In actuality, Libeskind’s so-called Spiral does not look like a spiral at all. Instead, he envisions a series of ascending cubes, all covered in ceramic tile and glass, that fit together and provide access through six passageways to all the floors of the adjacent museum buildings. The Spiral would serve as a second entrance to the Victoria and Albert and would house the collections of contemporary decorative art that are now scattered throughout the old buildings.
The Spiral’s defenders are just as determined as its detractors, and Libeskind’s design has won approval from all the required planning and art boards in London. But the museum must come up with $121 million for the project, which Libeskind hopes will be completed in 2006. Mark Jones, director of the museum, seems confident about raising the money. “The Spiral is a building of outstanding genius,” he says. “I choose these words carefully. I think not to build it would be a shame. It’s a rare opportunity to make a building of this distinction come into existence.”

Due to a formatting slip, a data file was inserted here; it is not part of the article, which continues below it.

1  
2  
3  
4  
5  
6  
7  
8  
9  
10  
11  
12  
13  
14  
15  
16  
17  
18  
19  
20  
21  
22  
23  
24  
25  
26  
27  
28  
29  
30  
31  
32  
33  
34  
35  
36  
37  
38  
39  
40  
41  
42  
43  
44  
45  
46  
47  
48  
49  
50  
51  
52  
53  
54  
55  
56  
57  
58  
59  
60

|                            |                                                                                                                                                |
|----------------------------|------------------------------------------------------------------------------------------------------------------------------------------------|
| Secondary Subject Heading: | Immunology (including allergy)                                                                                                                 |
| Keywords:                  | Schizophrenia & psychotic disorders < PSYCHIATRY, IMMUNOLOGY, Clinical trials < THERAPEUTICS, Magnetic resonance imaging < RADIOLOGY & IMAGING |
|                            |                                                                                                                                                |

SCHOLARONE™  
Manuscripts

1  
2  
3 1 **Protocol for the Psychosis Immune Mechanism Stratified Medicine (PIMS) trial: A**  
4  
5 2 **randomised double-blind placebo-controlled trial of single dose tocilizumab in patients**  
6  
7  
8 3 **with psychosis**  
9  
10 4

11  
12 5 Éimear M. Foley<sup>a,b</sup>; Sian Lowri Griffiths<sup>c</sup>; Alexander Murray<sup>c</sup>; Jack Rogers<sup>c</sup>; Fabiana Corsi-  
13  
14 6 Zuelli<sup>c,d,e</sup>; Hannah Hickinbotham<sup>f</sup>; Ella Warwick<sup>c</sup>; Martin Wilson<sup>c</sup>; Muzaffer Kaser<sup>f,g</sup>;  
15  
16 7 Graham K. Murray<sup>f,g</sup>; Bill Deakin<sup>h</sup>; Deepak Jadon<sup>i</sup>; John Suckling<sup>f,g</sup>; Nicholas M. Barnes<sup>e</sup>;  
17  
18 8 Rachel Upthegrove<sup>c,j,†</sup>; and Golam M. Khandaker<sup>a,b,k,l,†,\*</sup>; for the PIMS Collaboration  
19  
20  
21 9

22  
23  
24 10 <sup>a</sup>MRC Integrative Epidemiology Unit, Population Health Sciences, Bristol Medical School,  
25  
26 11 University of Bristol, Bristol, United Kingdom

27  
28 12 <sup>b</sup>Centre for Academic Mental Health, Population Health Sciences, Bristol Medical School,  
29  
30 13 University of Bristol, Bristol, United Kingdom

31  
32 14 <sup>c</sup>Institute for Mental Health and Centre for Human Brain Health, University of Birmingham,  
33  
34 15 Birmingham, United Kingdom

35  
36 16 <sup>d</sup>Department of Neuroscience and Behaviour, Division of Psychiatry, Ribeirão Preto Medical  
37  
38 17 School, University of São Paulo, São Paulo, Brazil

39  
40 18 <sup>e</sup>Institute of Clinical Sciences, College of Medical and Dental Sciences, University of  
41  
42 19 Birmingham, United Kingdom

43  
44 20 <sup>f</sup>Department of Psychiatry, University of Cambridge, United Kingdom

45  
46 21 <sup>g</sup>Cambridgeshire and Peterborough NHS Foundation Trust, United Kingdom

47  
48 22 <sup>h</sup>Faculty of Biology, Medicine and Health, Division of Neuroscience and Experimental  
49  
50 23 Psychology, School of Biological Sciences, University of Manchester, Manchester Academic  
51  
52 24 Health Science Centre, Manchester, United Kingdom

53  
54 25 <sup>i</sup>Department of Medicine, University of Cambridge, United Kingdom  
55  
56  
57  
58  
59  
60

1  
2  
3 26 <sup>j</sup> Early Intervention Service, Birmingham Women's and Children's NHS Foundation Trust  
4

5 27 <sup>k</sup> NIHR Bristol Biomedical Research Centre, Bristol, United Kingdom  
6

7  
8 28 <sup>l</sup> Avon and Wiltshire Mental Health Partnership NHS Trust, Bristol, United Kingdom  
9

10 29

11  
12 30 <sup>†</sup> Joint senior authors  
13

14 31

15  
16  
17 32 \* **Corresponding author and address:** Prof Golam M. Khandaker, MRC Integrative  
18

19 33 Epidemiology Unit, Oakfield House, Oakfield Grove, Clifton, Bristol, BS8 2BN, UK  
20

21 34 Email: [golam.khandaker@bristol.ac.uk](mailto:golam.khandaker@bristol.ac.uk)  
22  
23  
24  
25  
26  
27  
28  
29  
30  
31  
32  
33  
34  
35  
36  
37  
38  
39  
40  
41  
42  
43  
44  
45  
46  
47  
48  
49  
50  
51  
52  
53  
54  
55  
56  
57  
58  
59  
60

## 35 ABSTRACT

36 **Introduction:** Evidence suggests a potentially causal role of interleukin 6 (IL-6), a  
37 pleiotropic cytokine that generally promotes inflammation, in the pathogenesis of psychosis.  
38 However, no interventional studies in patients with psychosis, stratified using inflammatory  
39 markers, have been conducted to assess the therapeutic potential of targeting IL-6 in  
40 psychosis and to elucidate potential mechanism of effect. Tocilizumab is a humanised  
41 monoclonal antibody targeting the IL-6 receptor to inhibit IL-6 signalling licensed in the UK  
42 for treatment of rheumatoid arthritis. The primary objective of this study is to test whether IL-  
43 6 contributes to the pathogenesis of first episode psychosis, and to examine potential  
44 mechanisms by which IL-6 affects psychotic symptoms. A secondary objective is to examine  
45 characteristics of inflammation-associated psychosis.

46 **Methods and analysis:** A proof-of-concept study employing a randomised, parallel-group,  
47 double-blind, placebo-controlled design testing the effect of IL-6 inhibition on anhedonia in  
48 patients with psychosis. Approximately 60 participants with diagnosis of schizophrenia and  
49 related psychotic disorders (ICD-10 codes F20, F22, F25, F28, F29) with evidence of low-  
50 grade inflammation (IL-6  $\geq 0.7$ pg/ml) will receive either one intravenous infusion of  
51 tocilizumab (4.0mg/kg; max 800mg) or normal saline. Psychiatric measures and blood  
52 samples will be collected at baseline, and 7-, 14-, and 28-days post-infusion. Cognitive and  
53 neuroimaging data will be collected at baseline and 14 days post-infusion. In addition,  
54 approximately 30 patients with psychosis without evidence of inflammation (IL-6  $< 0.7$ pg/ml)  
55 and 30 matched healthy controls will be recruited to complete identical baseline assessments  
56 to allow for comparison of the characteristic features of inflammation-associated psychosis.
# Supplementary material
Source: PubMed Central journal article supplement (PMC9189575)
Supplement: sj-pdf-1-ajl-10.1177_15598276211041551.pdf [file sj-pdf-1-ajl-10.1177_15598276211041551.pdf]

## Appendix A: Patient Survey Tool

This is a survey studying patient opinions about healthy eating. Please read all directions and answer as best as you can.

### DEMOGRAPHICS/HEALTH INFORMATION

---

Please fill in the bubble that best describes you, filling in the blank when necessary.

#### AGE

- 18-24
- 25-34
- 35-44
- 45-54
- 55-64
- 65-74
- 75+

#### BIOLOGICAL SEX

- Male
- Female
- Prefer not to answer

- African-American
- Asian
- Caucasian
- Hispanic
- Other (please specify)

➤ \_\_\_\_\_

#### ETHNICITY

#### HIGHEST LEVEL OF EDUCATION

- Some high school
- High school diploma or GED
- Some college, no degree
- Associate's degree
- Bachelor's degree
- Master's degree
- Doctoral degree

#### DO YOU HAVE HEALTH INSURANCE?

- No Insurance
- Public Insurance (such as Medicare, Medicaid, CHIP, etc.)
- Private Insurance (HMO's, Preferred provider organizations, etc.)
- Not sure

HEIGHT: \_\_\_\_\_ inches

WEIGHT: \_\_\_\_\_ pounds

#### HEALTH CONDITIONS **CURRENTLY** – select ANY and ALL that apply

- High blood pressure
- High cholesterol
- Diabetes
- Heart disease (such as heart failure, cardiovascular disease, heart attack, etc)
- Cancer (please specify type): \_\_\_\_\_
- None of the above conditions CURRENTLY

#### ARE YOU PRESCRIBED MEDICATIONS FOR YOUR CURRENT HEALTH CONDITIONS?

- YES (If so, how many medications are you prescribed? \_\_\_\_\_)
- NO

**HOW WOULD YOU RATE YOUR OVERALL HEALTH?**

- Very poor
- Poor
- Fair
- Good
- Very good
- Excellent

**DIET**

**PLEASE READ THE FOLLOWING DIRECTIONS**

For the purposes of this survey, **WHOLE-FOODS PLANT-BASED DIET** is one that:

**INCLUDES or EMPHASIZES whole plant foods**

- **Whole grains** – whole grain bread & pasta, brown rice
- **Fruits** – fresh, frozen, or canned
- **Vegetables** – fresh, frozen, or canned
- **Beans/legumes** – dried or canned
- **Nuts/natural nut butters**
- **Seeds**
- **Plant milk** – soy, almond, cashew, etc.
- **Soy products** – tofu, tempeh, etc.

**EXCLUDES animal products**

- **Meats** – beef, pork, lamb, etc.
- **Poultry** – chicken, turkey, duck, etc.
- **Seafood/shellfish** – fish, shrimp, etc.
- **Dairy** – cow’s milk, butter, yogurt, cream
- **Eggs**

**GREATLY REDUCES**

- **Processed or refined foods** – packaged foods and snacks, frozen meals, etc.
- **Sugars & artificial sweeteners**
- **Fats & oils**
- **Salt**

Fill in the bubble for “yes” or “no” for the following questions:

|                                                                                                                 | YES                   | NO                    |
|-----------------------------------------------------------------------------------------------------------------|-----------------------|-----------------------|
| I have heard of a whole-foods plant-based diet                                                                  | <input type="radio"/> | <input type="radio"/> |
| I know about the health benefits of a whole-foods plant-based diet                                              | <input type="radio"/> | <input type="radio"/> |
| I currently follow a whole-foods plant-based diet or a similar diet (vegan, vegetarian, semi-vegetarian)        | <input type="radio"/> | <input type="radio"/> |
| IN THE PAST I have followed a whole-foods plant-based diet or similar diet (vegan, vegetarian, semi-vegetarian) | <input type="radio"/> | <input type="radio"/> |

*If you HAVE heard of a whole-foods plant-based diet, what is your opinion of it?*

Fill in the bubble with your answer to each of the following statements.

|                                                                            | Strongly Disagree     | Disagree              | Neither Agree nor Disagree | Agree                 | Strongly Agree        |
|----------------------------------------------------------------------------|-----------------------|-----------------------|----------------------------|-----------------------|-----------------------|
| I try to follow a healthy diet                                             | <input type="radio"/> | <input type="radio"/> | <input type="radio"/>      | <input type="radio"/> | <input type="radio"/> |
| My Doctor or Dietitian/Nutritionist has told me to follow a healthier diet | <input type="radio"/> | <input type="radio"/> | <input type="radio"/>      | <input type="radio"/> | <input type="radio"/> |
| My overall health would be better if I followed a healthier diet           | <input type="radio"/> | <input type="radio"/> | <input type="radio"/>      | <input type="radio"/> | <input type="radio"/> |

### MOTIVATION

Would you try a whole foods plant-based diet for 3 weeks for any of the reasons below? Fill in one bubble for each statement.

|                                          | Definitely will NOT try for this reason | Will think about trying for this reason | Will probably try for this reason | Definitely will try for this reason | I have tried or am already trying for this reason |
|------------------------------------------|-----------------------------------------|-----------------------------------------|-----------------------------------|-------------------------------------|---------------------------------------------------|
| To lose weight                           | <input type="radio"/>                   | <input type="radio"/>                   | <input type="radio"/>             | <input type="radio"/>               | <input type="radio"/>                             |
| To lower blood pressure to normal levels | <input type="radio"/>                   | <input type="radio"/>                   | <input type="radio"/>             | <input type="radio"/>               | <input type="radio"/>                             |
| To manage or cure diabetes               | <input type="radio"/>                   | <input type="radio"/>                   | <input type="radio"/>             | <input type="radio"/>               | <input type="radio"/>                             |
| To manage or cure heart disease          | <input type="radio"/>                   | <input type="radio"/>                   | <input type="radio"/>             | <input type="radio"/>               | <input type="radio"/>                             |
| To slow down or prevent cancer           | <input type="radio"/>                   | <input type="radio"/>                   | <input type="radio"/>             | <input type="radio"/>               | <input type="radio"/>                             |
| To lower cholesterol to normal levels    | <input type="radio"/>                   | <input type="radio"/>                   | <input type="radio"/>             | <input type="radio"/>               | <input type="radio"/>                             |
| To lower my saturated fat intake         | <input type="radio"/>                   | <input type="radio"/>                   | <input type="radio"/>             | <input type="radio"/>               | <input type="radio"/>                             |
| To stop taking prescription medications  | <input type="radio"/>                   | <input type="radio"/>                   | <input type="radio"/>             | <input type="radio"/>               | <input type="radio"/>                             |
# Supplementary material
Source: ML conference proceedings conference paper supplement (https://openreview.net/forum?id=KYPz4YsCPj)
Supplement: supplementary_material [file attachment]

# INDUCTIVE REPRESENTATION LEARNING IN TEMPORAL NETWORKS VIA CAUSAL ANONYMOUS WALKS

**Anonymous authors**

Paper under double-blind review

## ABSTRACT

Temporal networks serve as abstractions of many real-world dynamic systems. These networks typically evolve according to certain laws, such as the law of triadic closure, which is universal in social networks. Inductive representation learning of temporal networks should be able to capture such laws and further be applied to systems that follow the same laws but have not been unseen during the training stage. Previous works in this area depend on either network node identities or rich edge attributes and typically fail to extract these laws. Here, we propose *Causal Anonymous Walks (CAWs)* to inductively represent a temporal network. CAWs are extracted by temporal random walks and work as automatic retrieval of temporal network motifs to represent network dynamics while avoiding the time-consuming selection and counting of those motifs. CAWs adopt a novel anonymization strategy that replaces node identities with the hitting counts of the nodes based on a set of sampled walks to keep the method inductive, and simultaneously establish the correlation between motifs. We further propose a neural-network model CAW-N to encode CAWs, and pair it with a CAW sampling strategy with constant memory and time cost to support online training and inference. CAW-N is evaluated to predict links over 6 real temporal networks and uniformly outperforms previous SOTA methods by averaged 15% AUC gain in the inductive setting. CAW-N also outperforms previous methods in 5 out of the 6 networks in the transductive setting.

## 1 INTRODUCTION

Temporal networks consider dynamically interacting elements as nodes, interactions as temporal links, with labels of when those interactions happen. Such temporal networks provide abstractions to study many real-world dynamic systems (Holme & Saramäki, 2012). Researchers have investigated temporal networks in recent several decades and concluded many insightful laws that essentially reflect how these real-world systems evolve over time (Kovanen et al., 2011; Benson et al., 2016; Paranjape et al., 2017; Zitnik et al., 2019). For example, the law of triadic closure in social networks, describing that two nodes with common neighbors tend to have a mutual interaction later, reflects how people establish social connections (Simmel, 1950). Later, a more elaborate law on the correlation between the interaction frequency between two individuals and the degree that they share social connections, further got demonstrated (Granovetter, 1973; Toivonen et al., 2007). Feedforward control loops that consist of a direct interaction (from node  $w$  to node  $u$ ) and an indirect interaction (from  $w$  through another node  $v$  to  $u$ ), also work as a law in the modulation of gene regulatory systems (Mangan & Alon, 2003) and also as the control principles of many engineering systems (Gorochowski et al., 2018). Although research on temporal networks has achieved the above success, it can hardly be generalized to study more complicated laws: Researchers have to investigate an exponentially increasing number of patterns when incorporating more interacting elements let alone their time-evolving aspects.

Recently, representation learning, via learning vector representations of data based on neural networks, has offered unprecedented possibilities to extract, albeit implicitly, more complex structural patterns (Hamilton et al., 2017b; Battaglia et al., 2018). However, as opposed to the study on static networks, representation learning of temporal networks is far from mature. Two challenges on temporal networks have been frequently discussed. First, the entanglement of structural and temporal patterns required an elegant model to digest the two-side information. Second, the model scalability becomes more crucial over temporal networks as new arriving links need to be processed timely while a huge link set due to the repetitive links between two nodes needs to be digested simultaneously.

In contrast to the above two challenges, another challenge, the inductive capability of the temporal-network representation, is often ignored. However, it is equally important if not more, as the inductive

Libeskind’s design for the WorldTradeCenter site has so far suffered no such controversy. His studio was among the seven teams of architects chosen by New York’s Lower Manhattan Development Corporation to submit designs for the site of the terrorist attack of September 11, 2001. When the proposals were unveiled in December, Libeskind’s drew rave reviews.
“If you are looking for the marvelous,” wrote Herbert Muschamp, architecture critic of the New York Times, “here’s where you will find it.” Benjamin Forgey, architecture critic of the Washington Post, pronounced Libes-kind’s design his favorite: “Every piece of his surprising, visually compelling puzzle seems somehow to relate to the difficult meaning of the site.” Paul Goldberger, of the New Yorker, called the design “brilliant and powerful.”
On February 4, Libeskind’s plan was selected as a finalist in the competition, along with that of the team Think, led by New York City-based architects Rafael Viñoly and Frederic Schwartz. Muschamp of the Times had endorsed the Think team’s design in January, calling it “a work of genius.” A final decision was to be made by the end of February.